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May 6, 2015

Mao at his death left China backward but, ironically, ready for reform, Stanford scholar says

Stanford sociology Professor Andrew Walder found that, unwittingly, Mao Zedong's long campaign against "capitalist tendencies" in the Chinese Communist Party laid the groundwork for a transition to a market economy.

By Clifton B. Parker

Mao Zedong, shown declaring the creation of the modern People's Republic of China on Oct. 1, 1949, clung to discredited Stalinist ideas that damaged his country, according to a book by Stanford sociology Professor Andrew Walder. (Wikipedia/Creative Commons)

The damage that Mao Zedong wrought in China made it much easier for that country to move away from a Soviet-style economic model and toward a new market-oriented one, a Stanford scholar says.

In fact, China has been in full retreat for four decades from Mao's disastrous rule, according to a new book by Stanford sociology Professor Andrew Walder. "Mao ruined much of what he had built and created no viable alternative," he wrote. "At the time of his death, he left China backward and deeply divided."

Led by Mao, China's Communist Party seized power in 1949 after a long period of guerrilla insurgency followed by full-scale war. Mao launched a bloody Chinese revolution that resulted in the deaths of millions of Chinese over the next few decades. 

In an interview, Walder said that Mao pushed campaign after campaign against the Chinese Communist party and bureaucracy after 1966 – "The bureaucracy was basically flat on its back at the time of his death."

By contrast, Walder noted, the Soviet bureaucracy was powerful and well-entrenched, and had enormous vested interests that thwarted genuine reforms.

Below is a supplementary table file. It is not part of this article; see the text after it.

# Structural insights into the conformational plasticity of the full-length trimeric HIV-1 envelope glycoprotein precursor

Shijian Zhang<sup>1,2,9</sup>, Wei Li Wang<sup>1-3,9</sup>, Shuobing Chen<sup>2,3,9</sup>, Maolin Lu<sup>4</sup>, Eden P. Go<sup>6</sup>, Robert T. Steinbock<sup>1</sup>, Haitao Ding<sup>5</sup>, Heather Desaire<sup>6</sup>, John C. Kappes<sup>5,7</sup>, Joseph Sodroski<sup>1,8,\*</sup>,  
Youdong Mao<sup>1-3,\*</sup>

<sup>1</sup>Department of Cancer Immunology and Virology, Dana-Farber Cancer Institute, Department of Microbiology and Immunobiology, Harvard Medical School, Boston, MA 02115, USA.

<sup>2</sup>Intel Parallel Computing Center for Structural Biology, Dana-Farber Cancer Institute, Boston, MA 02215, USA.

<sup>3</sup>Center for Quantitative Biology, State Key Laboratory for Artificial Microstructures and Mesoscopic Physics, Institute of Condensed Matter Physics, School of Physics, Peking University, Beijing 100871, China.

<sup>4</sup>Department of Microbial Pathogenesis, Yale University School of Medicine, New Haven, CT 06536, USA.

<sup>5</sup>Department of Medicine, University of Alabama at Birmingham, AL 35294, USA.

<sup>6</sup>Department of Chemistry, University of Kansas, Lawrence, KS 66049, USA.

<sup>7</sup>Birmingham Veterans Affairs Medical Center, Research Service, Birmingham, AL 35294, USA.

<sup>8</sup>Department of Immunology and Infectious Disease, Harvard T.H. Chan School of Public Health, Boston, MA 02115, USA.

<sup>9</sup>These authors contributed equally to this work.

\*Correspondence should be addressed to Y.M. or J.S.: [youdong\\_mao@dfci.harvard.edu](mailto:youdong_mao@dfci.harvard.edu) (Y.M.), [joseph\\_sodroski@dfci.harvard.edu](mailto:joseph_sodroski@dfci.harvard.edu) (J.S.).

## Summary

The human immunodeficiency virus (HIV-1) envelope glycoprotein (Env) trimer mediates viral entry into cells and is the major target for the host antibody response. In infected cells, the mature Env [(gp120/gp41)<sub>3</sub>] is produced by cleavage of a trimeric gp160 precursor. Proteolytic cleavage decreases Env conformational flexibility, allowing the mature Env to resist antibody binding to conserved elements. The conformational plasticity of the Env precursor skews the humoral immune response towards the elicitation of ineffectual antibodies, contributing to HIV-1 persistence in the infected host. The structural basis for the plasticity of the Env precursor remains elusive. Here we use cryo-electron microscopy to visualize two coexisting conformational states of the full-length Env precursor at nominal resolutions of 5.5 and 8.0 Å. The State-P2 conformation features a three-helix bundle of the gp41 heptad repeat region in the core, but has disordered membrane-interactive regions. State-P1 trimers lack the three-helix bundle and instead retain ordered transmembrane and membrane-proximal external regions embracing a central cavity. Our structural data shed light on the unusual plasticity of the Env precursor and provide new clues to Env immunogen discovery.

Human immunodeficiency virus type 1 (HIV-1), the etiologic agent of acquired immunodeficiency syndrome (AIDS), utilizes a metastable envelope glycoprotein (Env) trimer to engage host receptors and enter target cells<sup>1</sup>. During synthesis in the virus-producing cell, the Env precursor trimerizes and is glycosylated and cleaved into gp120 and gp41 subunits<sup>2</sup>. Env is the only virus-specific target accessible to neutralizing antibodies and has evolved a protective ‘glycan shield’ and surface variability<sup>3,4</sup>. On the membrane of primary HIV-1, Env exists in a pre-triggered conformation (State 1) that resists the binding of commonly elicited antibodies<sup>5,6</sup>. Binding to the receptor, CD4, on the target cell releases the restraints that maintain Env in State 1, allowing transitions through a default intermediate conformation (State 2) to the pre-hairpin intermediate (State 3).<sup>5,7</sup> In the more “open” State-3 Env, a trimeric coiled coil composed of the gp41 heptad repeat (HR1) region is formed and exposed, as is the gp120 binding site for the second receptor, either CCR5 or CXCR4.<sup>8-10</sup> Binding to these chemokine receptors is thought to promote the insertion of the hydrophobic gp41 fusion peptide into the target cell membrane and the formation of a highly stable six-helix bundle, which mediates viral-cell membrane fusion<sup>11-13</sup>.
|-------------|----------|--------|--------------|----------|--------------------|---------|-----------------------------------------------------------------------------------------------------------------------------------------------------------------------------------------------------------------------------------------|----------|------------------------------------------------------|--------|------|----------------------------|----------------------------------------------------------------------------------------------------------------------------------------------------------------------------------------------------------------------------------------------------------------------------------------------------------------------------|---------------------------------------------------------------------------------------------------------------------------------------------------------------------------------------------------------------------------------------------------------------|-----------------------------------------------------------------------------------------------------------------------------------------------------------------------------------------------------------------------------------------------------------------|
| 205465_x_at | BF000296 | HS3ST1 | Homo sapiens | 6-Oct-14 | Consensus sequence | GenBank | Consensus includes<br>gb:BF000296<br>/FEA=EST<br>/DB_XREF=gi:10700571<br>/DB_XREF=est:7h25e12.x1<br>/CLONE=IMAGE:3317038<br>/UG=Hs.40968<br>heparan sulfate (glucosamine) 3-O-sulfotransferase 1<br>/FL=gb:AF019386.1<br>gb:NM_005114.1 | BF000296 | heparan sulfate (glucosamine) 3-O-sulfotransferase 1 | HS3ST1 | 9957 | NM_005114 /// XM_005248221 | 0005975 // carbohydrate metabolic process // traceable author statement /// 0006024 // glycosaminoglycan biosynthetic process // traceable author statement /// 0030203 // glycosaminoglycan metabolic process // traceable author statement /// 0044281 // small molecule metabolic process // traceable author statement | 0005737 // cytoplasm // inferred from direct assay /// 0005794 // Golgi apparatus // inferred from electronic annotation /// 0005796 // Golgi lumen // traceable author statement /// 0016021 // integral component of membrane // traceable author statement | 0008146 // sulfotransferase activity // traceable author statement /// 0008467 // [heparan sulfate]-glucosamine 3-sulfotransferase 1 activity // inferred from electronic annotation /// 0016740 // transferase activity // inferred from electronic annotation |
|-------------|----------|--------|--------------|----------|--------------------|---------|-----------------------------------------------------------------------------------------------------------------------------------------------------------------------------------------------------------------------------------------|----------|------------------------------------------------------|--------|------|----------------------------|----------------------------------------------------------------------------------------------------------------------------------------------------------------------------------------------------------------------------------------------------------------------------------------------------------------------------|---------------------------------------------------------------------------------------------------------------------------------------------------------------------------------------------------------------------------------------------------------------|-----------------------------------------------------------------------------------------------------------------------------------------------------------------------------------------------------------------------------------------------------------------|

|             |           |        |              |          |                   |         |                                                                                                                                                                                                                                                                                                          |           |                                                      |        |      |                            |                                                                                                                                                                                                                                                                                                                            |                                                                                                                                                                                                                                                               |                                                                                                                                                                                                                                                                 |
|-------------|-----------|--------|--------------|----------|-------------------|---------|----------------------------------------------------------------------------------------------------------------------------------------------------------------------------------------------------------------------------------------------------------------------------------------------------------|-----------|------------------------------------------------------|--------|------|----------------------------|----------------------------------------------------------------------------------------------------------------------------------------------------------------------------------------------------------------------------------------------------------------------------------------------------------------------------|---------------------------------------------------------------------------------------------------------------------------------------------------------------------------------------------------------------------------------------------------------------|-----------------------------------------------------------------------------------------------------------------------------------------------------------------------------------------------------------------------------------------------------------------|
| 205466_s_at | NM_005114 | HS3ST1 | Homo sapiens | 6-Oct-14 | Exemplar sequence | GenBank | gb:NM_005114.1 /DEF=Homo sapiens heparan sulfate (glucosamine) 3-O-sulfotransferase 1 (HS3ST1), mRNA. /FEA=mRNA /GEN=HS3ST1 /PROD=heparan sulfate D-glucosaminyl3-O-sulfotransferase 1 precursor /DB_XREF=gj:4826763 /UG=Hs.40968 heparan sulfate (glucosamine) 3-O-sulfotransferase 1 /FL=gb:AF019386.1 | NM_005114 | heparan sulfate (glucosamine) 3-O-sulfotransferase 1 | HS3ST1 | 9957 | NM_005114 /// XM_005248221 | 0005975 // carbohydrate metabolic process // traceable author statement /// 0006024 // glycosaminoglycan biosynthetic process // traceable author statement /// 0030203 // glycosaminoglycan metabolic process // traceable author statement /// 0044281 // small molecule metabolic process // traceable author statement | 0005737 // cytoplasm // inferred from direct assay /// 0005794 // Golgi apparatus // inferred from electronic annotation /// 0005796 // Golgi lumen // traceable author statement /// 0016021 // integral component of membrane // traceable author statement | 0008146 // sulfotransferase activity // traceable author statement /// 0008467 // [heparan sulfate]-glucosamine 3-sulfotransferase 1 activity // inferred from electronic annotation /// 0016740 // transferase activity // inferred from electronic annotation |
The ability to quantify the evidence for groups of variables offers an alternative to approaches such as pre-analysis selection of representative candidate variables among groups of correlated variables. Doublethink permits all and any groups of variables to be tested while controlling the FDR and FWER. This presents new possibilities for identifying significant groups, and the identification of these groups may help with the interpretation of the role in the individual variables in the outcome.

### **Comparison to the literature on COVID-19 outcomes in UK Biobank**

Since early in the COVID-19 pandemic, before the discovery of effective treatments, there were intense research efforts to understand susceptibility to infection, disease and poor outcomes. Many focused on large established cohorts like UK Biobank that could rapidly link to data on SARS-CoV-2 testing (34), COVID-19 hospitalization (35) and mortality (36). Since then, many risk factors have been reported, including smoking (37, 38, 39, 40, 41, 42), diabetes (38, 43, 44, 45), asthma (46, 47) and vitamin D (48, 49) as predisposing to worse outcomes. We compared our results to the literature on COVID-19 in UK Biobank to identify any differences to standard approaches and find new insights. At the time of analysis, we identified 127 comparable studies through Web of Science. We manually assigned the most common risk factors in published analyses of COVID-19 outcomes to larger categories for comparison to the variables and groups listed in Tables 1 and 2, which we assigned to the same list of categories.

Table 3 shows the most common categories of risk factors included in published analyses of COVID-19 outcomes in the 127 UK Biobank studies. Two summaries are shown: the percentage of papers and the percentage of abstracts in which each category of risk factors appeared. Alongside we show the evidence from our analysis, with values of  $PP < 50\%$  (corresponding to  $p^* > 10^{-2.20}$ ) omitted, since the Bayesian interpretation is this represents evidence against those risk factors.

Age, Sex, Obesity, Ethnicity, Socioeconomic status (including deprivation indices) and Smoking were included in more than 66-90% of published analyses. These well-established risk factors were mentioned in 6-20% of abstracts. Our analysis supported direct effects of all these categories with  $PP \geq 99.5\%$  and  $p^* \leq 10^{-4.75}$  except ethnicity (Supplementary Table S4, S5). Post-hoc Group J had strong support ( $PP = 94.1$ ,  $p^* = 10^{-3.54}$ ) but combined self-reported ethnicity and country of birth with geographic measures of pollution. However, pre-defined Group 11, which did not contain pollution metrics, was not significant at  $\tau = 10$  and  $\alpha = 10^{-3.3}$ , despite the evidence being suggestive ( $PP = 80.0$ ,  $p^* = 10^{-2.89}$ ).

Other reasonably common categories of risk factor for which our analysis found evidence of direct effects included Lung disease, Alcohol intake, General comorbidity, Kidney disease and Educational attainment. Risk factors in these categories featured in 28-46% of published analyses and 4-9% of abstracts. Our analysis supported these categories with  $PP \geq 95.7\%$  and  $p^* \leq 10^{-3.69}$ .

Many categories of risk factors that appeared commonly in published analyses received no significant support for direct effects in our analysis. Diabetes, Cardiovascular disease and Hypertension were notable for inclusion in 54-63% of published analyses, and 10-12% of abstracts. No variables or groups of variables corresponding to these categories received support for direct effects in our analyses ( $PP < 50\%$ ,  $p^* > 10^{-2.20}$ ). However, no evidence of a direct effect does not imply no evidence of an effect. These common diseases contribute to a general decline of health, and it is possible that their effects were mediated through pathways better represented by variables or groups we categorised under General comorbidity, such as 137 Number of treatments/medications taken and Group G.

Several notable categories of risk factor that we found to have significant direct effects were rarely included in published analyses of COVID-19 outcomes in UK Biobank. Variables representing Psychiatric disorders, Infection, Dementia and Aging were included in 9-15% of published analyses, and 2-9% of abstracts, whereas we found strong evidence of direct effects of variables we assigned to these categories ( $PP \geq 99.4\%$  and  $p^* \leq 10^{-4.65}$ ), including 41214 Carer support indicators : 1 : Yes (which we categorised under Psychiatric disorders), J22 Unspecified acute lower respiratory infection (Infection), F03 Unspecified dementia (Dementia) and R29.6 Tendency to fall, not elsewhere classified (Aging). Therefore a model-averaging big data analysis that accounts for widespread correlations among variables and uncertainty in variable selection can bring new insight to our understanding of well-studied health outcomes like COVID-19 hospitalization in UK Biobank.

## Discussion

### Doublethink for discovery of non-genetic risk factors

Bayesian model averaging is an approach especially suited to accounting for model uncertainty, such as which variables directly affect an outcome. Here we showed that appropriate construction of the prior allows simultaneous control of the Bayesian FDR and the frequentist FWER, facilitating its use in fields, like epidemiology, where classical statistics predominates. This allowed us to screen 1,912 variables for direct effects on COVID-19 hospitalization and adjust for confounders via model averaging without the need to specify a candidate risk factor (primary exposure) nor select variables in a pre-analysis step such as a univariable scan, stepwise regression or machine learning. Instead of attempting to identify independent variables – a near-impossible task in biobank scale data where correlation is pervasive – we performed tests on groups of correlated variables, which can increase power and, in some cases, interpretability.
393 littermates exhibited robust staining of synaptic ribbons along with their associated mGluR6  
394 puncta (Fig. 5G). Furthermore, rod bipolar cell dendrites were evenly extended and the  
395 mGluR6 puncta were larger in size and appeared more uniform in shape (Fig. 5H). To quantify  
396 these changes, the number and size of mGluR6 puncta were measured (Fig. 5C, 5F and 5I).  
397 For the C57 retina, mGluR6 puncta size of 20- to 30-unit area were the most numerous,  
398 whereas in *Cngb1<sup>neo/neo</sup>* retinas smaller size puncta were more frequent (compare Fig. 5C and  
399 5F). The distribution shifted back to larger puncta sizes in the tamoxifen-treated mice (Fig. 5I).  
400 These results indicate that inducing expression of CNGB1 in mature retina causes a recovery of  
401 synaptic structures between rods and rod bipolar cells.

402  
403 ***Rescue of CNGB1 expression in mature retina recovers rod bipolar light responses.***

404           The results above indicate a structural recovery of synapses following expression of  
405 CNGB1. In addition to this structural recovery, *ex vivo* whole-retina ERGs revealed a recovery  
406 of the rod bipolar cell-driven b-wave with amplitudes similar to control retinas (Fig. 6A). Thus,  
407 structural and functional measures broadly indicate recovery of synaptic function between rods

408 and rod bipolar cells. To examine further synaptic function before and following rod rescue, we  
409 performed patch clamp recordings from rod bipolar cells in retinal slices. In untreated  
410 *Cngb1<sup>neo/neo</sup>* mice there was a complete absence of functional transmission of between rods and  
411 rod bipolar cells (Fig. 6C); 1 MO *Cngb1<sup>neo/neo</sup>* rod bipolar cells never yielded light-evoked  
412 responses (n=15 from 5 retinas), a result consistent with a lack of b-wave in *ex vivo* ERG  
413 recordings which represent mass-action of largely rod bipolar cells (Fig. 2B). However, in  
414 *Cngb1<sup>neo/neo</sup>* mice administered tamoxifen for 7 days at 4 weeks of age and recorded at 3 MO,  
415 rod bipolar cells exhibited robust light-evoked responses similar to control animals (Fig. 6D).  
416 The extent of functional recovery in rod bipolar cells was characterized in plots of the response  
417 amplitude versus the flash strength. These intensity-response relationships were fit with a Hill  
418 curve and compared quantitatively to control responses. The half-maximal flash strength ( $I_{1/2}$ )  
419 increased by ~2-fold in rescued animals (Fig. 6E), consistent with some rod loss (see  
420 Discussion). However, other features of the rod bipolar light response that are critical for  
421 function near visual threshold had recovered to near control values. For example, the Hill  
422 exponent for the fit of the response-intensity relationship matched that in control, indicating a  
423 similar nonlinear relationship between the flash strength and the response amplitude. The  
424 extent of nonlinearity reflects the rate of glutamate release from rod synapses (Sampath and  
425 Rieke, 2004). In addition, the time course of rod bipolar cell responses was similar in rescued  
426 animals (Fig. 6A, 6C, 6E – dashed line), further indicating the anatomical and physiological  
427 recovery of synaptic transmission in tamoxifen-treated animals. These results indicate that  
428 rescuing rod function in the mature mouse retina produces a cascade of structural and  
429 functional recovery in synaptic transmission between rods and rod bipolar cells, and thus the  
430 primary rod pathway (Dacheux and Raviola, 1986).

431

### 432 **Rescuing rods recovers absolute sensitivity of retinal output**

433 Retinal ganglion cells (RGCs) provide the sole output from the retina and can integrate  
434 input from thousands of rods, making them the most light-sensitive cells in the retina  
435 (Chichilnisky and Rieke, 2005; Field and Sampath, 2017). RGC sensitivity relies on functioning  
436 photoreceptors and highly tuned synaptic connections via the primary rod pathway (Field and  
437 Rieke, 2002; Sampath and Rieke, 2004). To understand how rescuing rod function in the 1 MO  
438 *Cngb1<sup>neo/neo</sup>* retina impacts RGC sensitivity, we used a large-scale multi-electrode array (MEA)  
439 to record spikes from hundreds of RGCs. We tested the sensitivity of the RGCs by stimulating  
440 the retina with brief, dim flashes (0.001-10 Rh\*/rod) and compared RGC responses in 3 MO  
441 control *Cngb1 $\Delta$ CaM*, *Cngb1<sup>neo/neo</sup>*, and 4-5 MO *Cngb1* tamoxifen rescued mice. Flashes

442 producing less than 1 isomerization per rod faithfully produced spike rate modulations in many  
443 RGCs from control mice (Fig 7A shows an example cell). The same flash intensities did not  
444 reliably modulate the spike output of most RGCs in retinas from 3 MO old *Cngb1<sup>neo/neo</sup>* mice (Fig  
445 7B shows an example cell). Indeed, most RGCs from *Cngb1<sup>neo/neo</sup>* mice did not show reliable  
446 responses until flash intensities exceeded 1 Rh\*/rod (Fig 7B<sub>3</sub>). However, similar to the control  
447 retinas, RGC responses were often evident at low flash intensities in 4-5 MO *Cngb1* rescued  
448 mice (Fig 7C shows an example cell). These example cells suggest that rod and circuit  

"In post-Mao China, the economy was so backward and the bureaucratic interests so weak that market reform was bundled together with a program of national revival – restructuring the economy along market lines while rebuilding the party and bureaucracy," he said.

Therefore, the politics of reform were much easier for a Chinese leader like Deng Xiaoping than for a Soviet leader like Mikhail Gorbachev, who had to contend with an entrenched bureaucracy still proud of the fact that the USSR was (until the late 1980s) the second largest economy in the world and an undeniable superpower, according to Walder.

He noted that Mao's initiatives repeatedly led to unintended and unanticipated outcomes.

"What is so remarkable is that after 1956 this was a recurring pattern. His initiatives repeatedly ran into trouble, forcing him to backtrack and change direction constantly – although he always insisted that things had unfolded in ways that were according to his plans," Walder said.

Class struggle, imaginary enemies

Mao's China, he added, was defined by a harsh Communist Party rule and a socialist economy modeled after the Soviet Union. Mao himself intervened at almost every level, despite a large national bureaucracy that oversaw this authoritarian system.

"The doctrines and political organization that produced Mao's greatest achievements – victory in the civil war, the creation of China's first unified modern state, a historic transformation of urban and rural life – also generated his worst failures: the industrial depression and rural famine of the Great Leap Forward and the violent destruction and stagnation of the Cultural Revolution," Walder wrote.

He said that Mao misunderstood China's real problems in advocating a top-down "class struggle" against capitalism and imaginary enemies.

"At the time of his death (in 1976), he left China backward and deeply divided," Walder wrote.